World of Tomorrow (2015, Don Hertzfeldt)

Emily Prime is contacted by her third-generation clone, discussing memory, robots, love and life in the outernet of the future.

Only 16 minutes long but I watched it seven times.

Choose You (2013, Spike Jonze & Chris Milk)

Written by Lena Dunham and directed by Spike Jonze – and yet it’s terrible? I think that’s because it’s a corporate-sponsored short made for a music video awards show. Anyway, subtitled and censored, club dude’s ex-gf is now dating DJ Michael Shannon, some girl he doesn’t even know freaks out about this, then Jason Schwartzmann hosts a choose-your-own-adventure ending and double suicide is chosen.

The Discontented Canary (1934, Rudolf Ising)

A sad caged canary gets his chance to escape, but nature beats the hell out of him, so he returns home, learning to appreciate his captivity. At least he wasn’t hit by lightning like the feral cat. Moral: life is just horrible.

The Alphabet (1968, David Lynch)

Now in high-def!

Les jeux des anges (1965, Walerian Borowczyk)

Heads roll.
Pipe organ becomes firing squad.
Angel wings.
Infinite scrolling.

Mouseover for decay:

The Sinking of the Lusitania (1918, Winsor McCay)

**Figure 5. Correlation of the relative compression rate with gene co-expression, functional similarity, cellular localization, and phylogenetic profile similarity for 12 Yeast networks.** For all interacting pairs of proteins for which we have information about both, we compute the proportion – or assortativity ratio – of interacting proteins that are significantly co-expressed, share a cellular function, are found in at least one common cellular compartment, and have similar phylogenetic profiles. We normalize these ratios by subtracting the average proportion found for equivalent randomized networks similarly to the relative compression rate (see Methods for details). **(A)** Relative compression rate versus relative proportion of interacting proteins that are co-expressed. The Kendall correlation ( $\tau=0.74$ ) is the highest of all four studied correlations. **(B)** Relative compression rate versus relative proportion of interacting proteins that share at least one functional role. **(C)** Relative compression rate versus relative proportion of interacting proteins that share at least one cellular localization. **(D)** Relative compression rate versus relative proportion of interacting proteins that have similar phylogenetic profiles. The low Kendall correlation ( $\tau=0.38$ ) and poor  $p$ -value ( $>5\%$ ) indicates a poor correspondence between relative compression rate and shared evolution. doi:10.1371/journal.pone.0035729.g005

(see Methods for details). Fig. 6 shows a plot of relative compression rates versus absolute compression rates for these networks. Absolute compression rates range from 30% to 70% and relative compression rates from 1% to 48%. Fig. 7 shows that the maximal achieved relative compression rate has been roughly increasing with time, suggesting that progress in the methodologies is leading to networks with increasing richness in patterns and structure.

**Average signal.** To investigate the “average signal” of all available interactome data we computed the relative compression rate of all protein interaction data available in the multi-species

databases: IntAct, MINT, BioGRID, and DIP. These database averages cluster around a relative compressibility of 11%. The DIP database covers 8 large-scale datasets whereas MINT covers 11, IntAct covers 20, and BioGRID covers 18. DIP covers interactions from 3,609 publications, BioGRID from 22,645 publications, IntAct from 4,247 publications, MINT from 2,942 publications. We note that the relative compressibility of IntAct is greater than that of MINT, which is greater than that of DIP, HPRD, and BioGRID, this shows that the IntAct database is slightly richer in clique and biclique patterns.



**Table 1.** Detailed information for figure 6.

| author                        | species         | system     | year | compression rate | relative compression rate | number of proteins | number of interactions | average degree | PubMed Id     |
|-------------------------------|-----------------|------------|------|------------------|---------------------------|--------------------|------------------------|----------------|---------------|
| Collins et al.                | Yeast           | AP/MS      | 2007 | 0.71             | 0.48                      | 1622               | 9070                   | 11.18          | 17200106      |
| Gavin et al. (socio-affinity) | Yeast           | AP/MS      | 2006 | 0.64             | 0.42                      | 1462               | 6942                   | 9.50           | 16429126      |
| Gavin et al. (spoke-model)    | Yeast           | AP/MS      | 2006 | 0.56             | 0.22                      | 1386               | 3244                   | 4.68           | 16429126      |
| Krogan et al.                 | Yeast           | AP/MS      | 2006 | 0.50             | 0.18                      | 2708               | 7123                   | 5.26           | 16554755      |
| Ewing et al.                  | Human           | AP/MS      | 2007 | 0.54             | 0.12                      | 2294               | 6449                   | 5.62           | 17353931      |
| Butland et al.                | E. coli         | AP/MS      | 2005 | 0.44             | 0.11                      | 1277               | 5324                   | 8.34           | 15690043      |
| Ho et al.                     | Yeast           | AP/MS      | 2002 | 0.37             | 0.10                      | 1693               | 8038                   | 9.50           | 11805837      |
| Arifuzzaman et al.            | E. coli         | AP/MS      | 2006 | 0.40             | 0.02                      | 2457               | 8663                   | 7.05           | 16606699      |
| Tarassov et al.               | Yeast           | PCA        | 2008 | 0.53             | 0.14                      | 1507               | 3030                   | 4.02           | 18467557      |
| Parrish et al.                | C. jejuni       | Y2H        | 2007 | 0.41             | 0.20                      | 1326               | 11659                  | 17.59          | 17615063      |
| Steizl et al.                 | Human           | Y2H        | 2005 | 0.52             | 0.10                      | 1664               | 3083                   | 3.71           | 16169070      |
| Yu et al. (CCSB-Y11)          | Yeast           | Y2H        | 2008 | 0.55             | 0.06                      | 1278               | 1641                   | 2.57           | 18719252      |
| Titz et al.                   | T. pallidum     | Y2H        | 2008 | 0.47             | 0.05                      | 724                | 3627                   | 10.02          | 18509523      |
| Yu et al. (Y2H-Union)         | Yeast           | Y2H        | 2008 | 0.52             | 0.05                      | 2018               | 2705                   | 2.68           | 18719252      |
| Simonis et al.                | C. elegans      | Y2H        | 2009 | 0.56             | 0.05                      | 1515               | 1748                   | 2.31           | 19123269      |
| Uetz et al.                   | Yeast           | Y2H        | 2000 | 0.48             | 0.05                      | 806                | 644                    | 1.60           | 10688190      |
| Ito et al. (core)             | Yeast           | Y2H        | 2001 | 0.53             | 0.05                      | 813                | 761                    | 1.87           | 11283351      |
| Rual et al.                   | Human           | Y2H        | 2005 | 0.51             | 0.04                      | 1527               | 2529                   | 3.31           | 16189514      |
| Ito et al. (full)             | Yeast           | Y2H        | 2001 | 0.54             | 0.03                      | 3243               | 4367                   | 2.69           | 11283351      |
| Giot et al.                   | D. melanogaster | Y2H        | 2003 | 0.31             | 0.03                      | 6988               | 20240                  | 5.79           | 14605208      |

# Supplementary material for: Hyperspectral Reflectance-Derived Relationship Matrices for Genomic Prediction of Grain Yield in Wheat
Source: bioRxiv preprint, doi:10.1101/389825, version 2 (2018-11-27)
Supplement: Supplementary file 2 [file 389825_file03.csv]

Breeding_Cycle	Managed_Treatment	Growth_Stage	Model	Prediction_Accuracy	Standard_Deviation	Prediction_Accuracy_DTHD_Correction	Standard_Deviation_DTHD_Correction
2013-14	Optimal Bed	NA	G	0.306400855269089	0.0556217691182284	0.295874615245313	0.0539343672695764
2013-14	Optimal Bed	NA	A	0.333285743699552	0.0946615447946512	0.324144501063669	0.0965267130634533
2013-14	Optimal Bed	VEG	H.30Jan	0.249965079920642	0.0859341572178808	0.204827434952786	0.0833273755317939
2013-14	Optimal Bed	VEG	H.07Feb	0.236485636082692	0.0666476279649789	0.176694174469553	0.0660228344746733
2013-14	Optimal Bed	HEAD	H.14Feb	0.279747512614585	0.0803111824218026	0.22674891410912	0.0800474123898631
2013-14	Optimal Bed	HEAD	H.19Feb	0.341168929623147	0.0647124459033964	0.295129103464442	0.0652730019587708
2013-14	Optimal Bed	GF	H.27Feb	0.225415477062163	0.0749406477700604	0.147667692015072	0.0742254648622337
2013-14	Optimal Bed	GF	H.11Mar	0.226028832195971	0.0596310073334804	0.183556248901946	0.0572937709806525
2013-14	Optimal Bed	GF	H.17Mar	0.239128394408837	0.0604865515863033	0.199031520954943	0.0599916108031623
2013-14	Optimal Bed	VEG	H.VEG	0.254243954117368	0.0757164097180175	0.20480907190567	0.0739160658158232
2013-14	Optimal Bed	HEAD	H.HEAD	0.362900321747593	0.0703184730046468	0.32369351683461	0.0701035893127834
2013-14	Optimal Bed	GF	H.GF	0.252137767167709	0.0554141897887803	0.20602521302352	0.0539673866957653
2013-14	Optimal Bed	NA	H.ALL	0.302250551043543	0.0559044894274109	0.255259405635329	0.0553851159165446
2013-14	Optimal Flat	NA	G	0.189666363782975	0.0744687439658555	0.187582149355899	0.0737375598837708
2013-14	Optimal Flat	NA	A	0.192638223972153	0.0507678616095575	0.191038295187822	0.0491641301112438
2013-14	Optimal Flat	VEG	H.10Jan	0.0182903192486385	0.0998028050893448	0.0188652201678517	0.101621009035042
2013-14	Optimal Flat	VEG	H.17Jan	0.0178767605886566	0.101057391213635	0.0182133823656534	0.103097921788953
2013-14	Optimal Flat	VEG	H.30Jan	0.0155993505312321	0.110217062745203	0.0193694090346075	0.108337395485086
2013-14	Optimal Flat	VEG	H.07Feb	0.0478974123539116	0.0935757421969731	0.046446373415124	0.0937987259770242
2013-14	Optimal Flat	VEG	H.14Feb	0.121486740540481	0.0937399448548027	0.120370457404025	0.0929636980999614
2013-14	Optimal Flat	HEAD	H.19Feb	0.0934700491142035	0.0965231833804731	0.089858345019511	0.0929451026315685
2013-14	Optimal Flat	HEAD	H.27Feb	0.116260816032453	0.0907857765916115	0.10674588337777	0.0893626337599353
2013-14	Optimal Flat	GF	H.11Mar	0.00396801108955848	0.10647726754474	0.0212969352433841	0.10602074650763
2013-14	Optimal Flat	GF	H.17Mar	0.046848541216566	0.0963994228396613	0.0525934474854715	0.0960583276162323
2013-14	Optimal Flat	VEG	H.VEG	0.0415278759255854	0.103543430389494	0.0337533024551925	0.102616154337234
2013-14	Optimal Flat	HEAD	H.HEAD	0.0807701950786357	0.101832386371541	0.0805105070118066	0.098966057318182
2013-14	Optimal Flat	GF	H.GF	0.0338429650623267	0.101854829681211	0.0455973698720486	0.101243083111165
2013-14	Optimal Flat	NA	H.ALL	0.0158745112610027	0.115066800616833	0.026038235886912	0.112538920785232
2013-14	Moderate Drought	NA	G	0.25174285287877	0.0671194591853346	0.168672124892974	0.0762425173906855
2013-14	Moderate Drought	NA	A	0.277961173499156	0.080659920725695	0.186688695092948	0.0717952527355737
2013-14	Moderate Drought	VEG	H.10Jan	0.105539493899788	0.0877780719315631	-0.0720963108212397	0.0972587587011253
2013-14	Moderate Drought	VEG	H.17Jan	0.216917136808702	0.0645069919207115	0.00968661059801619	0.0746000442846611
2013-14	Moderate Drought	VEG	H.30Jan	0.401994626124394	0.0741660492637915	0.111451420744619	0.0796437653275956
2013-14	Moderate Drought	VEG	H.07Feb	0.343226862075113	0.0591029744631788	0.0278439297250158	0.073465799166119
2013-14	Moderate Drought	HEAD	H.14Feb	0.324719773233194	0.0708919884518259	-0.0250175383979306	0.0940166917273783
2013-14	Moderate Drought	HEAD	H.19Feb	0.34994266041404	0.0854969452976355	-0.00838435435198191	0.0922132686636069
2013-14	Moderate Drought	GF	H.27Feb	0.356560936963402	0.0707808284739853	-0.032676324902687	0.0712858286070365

Didn’t realize this was a WWI propaganda film. “Germany, once a great and powerful nation, had done a dastardly deed in a dastardly way.”

Intro explaining how difficult the movie was to create, and plenty of title cards, so the nine minute short has maybe four minutes of animation. But the animation is real good stuff, all water and smoke.

We Give Pink Stamps (1965, Friz Freleng)

Absurd fun in a department store as the Pink Panther torments the night janitor.

Closed Mondays (1974, Will Vinton & Bob Gardiner)

Great claymation. Wino wanders into an art gallery, hallucinates (?) all the paintings and sculptures coming to life.

Night Mail (1936 Wright & Watt)

I’ve heard this is one of the greatest short documentaries. True, it’s admirably put together, showing all the moving parts in a great, manned machine that moves the mail across England and Scotland really damn fast. And it makes you marvel at the heights of human endeavor. And it ends with a post office rap song. So yeah I was gonna say it’s just a doc about a mail train, but I guess I see their point.

Monster (2005 Jennifer Kent)

Beginnings of The Babadook (there’s a pop-up book and everything). Monster-doll grows into full monster and attacks son, mom screams at it, tells it to go to its room.

Fears (2015, Nata Metlukh)

Terrific 2-minute animated short linked by Primal.
A man literally embraces his fears.

Restaurant Dogs (1994, Eli Roth)

Student film in which an evil brigade of fast-food restaurant mascots is bloodily defeated by a young dude who’s given a mission from the Burger King himself to save his daughter the Dairy Queen. Something like that, anyway. I thought the guy only wanted to buy a milkshake, and suspected he was drunk, so I’m surprised he signed up for the murderous mission so quickly.